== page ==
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pany ever charged excessive rates until about the commencement of the controversy out of which this litigation arose; but, if it did so, the various parties from whom they were extorted had a cause of action against the company to recover the excessive rates until the statute of limitations had run. Presumptively they were not the identical persons who are now the consumers from the appellee. It is the practice of courts to try cases one at a time, and if the appellee has put money into the development of the plant, the court in this case could not stop to inquire just how it acquired the title to the money. Such a system would involve an investigation into the wholly collateral matter of the entire past life of litigants and the manner in which they acquired the money invested in a private enterprise.”

See City of Minneapolis v. Rand, supra.

It is plain under the authorities herein cited that the method adopted by the Commission to ascertain the value of the property in this case was not the proper method. The decision of the Commission in, this case is based principally upon its consideration of a resolution adopted by the board of directors of the appellant in June of 1919, estimating the valuation of its property at $350,000, with a view of liquidating the same within a period of five years. It may be at that time the stockholders of the property, by reason of the limited time the company had a franchise to operate under, considered its property Worth no more than that indicated in the resolution for the purpose of liquidation; but the test to be applied to property for the purpose of making a rate is its present cash value, to be ascertained by reproduction less accrued depreciation.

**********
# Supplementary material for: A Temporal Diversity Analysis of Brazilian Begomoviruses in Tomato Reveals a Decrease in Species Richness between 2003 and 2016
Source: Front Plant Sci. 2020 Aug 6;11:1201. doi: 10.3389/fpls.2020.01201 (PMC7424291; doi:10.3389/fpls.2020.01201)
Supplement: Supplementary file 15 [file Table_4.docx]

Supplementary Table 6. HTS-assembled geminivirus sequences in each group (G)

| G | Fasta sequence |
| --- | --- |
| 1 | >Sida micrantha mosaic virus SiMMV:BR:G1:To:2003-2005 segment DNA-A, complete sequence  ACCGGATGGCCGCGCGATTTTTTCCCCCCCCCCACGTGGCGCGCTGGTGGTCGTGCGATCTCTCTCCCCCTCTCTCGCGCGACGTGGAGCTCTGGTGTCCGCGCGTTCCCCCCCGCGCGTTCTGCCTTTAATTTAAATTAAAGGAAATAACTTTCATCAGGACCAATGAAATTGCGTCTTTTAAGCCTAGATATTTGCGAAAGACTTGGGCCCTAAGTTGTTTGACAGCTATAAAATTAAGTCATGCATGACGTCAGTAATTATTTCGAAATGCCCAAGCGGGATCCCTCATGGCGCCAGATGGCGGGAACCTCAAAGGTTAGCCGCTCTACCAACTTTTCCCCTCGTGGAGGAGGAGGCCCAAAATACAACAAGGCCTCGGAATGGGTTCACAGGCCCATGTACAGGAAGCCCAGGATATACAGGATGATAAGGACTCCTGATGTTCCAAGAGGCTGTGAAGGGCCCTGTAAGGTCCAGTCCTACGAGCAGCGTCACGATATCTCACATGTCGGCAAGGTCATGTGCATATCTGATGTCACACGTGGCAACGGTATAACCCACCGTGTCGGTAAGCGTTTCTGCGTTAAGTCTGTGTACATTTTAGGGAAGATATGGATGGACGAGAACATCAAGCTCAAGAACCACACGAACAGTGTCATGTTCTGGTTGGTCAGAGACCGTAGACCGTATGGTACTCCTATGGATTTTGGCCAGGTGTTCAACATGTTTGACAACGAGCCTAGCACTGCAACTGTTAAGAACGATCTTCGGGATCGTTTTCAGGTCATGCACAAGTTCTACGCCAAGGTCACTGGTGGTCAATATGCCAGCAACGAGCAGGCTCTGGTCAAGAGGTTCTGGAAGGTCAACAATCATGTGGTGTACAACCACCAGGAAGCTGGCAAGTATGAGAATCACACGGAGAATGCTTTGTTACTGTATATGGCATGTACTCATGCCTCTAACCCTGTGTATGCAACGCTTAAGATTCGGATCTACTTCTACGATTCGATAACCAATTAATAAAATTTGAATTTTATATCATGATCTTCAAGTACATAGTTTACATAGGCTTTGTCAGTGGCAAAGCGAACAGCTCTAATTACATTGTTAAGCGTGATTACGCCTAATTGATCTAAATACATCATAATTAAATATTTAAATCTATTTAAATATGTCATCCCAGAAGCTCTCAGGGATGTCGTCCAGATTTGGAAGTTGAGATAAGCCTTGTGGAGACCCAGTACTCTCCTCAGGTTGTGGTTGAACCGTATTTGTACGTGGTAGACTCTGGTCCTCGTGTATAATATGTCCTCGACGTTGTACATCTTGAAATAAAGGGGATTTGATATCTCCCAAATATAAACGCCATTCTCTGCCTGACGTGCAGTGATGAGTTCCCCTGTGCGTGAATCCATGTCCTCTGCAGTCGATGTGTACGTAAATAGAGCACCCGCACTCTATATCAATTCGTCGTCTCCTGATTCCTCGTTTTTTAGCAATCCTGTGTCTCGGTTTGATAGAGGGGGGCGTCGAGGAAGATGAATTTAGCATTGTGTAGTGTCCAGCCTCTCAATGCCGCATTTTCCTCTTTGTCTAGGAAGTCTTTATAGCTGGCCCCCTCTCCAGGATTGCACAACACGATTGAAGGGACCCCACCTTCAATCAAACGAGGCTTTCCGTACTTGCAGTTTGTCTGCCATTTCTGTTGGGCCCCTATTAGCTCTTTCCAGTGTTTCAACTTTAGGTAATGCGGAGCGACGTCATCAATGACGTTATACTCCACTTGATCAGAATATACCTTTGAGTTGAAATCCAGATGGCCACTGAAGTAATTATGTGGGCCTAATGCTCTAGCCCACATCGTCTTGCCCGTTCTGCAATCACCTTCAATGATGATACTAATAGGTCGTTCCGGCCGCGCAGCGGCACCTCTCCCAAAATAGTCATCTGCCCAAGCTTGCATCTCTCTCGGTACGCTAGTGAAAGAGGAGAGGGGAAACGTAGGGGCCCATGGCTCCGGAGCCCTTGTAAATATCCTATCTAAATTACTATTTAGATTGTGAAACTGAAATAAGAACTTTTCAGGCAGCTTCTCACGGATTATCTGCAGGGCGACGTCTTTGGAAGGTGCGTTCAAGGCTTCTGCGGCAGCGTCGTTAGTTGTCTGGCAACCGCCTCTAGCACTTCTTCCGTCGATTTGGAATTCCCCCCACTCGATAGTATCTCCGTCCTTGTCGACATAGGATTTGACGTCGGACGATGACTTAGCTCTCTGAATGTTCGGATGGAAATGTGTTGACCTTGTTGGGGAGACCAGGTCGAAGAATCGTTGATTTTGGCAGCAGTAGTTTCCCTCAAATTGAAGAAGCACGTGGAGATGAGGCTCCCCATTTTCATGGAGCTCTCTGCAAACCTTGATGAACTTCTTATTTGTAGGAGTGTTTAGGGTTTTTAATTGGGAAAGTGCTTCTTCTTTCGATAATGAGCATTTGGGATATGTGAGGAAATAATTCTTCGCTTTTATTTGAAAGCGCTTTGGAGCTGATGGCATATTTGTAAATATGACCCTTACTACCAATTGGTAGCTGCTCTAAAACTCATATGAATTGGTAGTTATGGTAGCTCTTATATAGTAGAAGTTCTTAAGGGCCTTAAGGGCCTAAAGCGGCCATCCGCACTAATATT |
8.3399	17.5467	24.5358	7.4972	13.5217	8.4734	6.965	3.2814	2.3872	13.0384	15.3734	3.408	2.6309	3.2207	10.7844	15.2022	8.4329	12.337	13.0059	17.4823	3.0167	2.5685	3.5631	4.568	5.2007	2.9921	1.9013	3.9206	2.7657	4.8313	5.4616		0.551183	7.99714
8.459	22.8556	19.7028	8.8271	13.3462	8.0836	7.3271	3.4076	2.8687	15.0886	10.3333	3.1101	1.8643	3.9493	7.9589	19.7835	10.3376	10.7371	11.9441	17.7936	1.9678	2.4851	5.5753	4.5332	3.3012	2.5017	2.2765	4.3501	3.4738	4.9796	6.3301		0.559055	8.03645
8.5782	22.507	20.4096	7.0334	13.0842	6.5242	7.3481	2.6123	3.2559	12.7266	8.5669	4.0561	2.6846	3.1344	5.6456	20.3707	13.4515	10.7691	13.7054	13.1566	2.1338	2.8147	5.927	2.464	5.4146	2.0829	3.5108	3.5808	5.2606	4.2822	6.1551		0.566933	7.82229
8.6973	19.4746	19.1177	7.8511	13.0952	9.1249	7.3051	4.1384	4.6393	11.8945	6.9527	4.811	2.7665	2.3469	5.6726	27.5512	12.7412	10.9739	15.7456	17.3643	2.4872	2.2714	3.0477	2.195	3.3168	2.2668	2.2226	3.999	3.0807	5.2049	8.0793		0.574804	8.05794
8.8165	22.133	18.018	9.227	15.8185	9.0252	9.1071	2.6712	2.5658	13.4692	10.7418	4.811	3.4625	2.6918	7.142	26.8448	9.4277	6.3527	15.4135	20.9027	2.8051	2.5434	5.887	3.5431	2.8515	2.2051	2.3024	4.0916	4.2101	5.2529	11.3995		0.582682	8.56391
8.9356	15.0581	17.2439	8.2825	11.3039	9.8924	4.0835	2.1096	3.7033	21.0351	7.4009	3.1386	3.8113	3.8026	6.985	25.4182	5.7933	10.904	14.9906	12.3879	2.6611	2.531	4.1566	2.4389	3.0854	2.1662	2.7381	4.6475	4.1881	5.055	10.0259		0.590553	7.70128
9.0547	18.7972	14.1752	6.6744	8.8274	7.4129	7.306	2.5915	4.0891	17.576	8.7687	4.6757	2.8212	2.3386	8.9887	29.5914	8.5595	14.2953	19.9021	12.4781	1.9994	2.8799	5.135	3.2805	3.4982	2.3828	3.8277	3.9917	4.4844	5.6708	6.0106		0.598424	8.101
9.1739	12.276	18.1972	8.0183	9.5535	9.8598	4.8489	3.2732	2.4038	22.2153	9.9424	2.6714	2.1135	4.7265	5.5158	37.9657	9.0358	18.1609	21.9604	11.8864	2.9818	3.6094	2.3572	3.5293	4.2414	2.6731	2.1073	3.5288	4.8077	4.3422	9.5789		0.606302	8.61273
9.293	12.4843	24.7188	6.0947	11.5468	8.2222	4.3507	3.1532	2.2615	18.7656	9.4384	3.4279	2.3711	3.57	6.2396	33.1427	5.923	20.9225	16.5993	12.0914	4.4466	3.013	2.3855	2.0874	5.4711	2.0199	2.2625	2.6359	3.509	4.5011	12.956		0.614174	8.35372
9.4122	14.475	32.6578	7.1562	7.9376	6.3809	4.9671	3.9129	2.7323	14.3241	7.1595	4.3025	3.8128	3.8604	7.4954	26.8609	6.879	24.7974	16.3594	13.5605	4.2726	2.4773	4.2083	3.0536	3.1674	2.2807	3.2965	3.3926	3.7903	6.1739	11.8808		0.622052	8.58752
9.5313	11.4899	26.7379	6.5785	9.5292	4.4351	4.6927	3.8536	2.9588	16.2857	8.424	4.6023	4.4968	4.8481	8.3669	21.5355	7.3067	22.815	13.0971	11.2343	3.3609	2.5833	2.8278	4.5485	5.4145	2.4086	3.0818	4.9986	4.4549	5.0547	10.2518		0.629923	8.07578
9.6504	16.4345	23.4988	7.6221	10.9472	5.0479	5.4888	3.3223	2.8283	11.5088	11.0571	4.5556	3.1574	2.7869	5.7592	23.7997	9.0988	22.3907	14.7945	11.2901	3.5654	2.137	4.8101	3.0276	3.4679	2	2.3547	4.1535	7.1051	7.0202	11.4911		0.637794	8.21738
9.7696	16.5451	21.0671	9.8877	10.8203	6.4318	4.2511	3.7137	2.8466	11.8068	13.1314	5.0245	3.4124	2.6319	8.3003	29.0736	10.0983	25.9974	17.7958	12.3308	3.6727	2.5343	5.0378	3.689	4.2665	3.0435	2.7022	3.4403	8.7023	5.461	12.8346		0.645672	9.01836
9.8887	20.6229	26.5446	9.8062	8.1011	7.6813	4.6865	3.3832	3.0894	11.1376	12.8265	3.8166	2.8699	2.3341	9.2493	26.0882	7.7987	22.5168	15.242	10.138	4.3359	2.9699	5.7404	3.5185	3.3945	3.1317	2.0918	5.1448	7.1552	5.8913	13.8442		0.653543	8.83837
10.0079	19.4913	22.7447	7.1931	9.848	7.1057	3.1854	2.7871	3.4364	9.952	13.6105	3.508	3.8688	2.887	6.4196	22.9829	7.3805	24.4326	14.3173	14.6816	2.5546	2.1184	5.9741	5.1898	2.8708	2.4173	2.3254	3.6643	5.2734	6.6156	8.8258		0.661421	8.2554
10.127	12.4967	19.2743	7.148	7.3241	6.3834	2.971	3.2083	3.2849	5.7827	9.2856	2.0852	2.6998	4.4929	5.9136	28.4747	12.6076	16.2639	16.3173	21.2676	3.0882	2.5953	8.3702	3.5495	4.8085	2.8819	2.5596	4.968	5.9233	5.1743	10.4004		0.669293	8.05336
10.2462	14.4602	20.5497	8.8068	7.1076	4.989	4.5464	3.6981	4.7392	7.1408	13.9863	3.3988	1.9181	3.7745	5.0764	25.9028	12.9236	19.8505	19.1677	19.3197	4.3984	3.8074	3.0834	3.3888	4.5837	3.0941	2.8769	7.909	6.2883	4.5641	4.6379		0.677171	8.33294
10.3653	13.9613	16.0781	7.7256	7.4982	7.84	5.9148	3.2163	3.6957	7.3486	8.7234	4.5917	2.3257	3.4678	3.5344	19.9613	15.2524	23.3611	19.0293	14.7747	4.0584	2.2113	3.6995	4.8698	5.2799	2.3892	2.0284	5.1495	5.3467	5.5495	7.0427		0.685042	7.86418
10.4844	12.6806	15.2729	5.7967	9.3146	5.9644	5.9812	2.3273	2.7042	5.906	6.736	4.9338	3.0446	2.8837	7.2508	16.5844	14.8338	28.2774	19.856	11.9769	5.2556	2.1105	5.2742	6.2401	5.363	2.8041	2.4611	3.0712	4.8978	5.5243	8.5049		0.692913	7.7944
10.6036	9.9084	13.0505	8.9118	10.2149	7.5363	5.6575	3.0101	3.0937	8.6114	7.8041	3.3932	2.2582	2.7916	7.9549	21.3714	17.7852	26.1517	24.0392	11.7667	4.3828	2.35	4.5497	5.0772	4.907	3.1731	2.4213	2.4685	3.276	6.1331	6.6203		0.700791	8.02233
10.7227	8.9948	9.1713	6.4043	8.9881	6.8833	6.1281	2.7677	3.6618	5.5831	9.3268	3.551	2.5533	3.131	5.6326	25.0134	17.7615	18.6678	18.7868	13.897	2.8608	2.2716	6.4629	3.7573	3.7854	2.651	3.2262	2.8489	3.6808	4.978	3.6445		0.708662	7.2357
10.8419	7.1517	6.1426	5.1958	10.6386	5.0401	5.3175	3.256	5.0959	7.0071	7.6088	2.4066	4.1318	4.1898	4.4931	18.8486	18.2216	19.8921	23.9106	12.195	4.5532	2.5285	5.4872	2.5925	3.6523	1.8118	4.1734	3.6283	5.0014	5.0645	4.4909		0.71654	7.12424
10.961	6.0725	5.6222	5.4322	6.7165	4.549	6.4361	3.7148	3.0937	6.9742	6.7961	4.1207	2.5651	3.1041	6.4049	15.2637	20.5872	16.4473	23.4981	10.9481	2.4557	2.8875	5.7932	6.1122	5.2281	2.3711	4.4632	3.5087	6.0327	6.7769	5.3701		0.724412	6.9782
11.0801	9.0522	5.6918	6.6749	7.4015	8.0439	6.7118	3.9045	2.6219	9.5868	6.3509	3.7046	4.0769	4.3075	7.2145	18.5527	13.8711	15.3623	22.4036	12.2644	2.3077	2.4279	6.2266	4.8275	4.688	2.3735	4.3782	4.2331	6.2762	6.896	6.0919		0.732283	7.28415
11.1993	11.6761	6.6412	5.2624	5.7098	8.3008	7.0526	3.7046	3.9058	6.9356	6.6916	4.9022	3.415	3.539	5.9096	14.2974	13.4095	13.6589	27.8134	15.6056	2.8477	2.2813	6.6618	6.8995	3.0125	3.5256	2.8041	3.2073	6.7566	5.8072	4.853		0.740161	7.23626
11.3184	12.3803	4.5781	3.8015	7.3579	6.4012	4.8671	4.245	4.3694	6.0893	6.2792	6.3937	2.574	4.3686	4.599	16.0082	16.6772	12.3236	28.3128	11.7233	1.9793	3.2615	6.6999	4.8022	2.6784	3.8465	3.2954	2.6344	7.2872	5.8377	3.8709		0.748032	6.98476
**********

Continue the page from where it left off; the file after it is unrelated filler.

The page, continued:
It appears from the record in this case that the only competent evidence before the Com-, mission as to the value of the property of the appellant was submitted by the appellant. The valuation, as established by the appellant was based upon a valuation made by . the Commission during 1914, or before the War, and the remainder was the result of building additions made during the high prices, and bought at a time when the prices